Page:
How to upgrade anything, part 3 of 6: Preparation

Chances are, there’s something you’re settling for right now. Something that annoys you periodically but you haven’t gotten around to dealing with it yet. We’ll tackle that problem in bite-sized steps in this 6-part series on upgrading:

So when I say “upgrading,” you can think of software, hardware, services, or pretty much anything. I’ll be using my experience updgrading this very blog as an example, but you can substitute your specific technological annoyance.

I’ve already talked about getting psychologically ready to upgrade (part 1), and the very important step of creating a backup (part 2). We have one more pre-upgrade step before we can actually get started:

Getting technologically ready to upgrade

Think of your upgrade process as cooking. You’ve got some ingredients (new software or hardware or whatever), you’ve got a recipe (the upgrade instructions), and you’ve got the dream of the delectable finished dish (your post-upgrade success).

Have you ever started a new recipe and then discovered, halfway through, that you needed to run to the store for a missing ingredient? Or, even worse, discovered that you were out of a crucial ingredient at a time-sensitive stage in the recipe (you need to add the garlic in exactly three minutes, and you look in the fridge and you’re out of garlic!)?

Ouch! Recipe ruined.

Use the cooking metaphor as your guide, and read the recipe first, from beginning to end. Make sure you understand the steps, the terms, and what you should expect at each stage.

If anything is unclear, now is the time to ask for help, not when you’re halfway through an upgrade and you’re suddenly not sure if clicking “OK” will save your bacon or erase your hard drive. You can Google your questions, look on the company’s website for a FAQ or a forum, or contact them directly for tech support (I’ll bet that they would much rather answer a simple question from you now than try to talk you through an upgrade when you’re tense and upset).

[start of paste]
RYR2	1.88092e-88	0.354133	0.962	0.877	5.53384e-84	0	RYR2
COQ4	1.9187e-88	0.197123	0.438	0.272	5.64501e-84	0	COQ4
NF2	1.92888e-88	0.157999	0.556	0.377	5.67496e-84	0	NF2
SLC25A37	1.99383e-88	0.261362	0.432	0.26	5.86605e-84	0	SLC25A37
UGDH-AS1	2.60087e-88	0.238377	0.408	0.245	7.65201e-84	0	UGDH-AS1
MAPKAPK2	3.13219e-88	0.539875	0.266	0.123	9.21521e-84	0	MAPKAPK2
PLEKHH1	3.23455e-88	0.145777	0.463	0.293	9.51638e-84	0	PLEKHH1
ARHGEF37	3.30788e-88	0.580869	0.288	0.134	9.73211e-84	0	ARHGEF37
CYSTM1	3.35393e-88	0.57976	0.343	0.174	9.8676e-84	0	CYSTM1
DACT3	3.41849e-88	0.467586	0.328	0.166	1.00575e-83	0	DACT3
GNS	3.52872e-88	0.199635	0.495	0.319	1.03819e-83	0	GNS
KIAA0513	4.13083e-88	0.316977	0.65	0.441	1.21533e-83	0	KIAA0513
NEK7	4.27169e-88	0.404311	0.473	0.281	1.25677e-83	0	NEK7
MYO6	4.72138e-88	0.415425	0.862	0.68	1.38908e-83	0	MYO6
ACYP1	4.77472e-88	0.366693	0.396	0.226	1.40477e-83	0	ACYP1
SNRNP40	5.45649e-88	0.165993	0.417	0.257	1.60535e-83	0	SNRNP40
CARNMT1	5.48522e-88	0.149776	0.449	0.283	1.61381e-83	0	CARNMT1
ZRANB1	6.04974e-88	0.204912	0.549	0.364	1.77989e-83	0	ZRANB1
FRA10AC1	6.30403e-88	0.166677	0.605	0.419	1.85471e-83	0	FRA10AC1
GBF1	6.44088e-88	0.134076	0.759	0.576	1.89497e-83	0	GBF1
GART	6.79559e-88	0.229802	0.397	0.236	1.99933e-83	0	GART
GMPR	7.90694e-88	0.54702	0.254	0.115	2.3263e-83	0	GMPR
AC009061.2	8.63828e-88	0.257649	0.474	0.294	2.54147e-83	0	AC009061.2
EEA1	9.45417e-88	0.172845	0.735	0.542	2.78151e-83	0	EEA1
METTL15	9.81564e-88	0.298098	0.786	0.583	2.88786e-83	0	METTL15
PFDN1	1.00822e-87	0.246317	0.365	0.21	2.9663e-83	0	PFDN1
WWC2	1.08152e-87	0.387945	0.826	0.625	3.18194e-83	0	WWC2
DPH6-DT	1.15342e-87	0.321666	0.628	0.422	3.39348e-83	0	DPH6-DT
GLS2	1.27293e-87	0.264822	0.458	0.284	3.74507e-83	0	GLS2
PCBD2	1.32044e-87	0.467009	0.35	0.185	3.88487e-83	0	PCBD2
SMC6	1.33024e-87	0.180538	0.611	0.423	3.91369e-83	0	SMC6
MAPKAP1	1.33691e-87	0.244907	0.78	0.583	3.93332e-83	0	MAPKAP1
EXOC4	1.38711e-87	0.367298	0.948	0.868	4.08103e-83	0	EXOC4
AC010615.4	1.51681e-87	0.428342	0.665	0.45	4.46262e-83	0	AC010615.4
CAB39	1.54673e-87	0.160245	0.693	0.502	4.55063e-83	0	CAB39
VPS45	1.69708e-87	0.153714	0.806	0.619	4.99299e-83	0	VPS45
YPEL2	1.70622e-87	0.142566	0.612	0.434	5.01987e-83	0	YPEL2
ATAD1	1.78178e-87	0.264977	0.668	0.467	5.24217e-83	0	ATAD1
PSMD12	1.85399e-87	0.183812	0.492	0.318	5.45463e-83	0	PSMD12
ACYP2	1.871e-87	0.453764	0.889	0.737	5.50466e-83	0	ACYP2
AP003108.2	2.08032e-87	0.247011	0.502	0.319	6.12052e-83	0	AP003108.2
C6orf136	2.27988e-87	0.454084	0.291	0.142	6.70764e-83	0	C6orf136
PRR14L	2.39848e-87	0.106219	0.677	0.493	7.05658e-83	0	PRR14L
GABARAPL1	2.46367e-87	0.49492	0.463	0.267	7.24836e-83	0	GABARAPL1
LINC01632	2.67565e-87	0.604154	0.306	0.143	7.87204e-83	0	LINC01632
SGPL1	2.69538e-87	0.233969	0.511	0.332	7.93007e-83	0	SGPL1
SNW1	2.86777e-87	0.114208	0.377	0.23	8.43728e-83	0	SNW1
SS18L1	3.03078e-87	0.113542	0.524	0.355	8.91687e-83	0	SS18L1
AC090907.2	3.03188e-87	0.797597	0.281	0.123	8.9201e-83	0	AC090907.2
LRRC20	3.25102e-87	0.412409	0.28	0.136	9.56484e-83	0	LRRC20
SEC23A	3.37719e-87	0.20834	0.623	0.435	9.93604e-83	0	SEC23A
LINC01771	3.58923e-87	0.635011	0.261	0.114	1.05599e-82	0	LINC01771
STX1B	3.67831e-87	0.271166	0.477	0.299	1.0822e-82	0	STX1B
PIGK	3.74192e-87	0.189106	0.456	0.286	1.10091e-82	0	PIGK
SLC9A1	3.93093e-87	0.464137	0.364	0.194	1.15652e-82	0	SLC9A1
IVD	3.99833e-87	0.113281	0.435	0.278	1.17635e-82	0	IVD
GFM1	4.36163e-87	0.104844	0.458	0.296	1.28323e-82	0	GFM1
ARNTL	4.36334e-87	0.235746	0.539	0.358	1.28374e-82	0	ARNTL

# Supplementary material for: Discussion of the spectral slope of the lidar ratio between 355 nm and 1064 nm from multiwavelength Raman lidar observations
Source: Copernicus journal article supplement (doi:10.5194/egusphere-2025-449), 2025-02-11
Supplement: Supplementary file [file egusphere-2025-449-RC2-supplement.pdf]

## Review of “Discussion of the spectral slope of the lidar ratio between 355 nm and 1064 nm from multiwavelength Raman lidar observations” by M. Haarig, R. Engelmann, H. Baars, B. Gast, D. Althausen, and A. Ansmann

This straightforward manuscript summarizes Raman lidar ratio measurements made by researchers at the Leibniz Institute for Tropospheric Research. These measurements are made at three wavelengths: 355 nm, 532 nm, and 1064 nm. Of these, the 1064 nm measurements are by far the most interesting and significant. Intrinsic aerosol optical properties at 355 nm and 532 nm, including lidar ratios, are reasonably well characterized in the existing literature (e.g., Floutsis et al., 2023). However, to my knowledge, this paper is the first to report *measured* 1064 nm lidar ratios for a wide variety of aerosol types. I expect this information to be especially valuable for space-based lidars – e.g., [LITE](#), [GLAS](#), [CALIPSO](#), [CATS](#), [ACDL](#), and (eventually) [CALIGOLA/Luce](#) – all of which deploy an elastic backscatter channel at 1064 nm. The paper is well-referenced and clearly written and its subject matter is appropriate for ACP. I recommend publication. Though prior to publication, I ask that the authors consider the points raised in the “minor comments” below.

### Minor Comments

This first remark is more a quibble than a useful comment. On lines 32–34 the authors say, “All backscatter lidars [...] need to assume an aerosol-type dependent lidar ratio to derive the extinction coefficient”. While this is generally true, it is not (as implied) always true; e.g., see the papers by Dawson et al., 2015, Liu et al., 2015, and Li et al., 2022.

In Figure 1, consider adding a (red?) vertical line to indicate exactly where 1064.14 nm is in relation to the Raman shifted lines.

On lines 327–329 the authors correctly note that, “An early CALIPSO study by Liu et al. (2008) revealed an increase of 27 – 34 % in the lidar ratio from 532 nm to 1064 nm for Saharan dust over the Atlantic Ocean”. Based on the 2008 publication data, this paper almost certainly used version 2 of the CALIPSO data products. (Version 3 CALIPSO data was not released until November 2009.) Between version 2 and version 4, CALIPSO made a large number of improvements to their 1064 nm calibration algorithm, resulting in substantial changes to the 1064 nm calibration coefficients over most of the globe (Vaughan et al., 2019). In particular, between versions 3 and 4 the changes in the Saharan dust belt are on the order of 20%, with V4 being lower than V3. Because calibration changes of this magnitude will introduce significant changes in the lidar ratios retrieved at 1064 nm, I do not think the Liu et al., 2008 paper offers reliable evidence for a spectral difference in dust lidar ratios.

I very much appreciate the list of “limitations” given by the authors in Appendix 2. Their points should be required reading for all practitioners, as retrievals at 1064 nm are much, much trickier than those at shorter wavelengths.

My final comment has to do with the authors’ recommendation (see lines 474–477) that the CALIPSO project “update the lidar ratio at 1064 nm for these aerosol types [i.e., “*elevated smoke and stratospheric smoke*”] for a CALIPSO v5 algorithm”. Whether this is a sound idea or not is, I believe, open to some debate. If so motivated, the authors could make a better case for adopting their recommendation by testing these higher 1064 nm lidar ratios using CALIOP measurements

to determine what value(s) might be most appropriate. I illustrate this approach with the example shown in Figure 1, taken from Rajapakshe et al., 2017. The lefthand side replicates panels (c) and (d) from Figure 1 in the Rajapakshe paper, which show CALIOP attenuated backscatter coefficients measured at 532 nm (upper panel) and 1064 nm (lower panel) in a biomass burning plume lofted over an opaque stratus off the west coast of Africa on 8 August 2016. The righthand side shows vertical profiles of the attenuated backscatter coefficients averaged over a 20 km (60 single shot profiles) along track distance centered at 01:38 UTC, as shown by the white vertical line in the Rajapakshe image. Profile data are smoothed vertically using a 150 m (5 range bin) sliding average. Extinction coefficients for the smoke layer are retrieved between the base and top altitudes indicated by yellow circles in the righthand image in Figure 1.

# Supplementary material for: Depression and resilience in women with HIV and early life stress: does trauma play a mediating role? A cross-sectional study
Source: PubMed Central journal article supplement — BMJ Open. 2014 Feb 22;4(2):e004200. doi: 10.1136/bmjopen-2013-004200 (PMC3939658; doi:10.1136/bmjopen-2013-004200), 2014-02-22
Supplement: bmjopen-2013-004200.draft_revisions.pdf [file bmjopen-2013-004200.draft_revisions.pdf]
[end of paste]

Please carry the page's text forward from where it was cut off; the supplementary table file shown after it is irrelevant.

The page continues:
Next, assemble your tools and ingredients. If you need a cable, make sure you have the right cable. Check the operating system requirements and make sure your computer can handle the upgrade. If you need to unplug and plug in peripherals, pull your power strip away from the wall so you don’t have to crawl under the desk four times in a row (I’ve done this. It’s a complete pain.).

Tip: Print the instructions (if you don’t have a paper manual or instructions to begin with). You definitely want to do this if you’ll be restarting your computer during the upgrade, but even if you’re not restarting, switching back and forth from the upgrade screen to the instruction document may be a little nerve-wracking. It can help to have ready visual access to your instructions.

Take as much time as you need for this preparation process.

Those chefs on the Food Network make everything look easy, because they have all these little bowls of pre-minced garlic, pre-sliced chicken, and pre-measured spices lined up next to a clean pan with exactly the right amount of olive oil waiting to be added. But even home cooks, without the benefit of sous-chefs or the magic of TV editing, know that assembling their ingredients beforehand makes the final steps go easier. The French gave us a term for the tray of pre-assembled ready-to-cook ingredients: Mise-en-place. It means “(everything is) put in its place.”

When you’re working on a technology recipe, give yourself the boost (and, to be honest, the oh-so-French flair) of preparing a mise-en-place with your instructions, equipment, and everything you need to not only start but complete the whole process.

Now, block out some time (more than you think you’ll need), and get ready to begin. Next week we’ll plunge into the upgrade process itself, and talk about what you need to do during this process to help ensure success at the end (and good tech support if you should need it).

Previously in this series: Part 2: Laying the foundation

Next in this series: Part 4: Documenting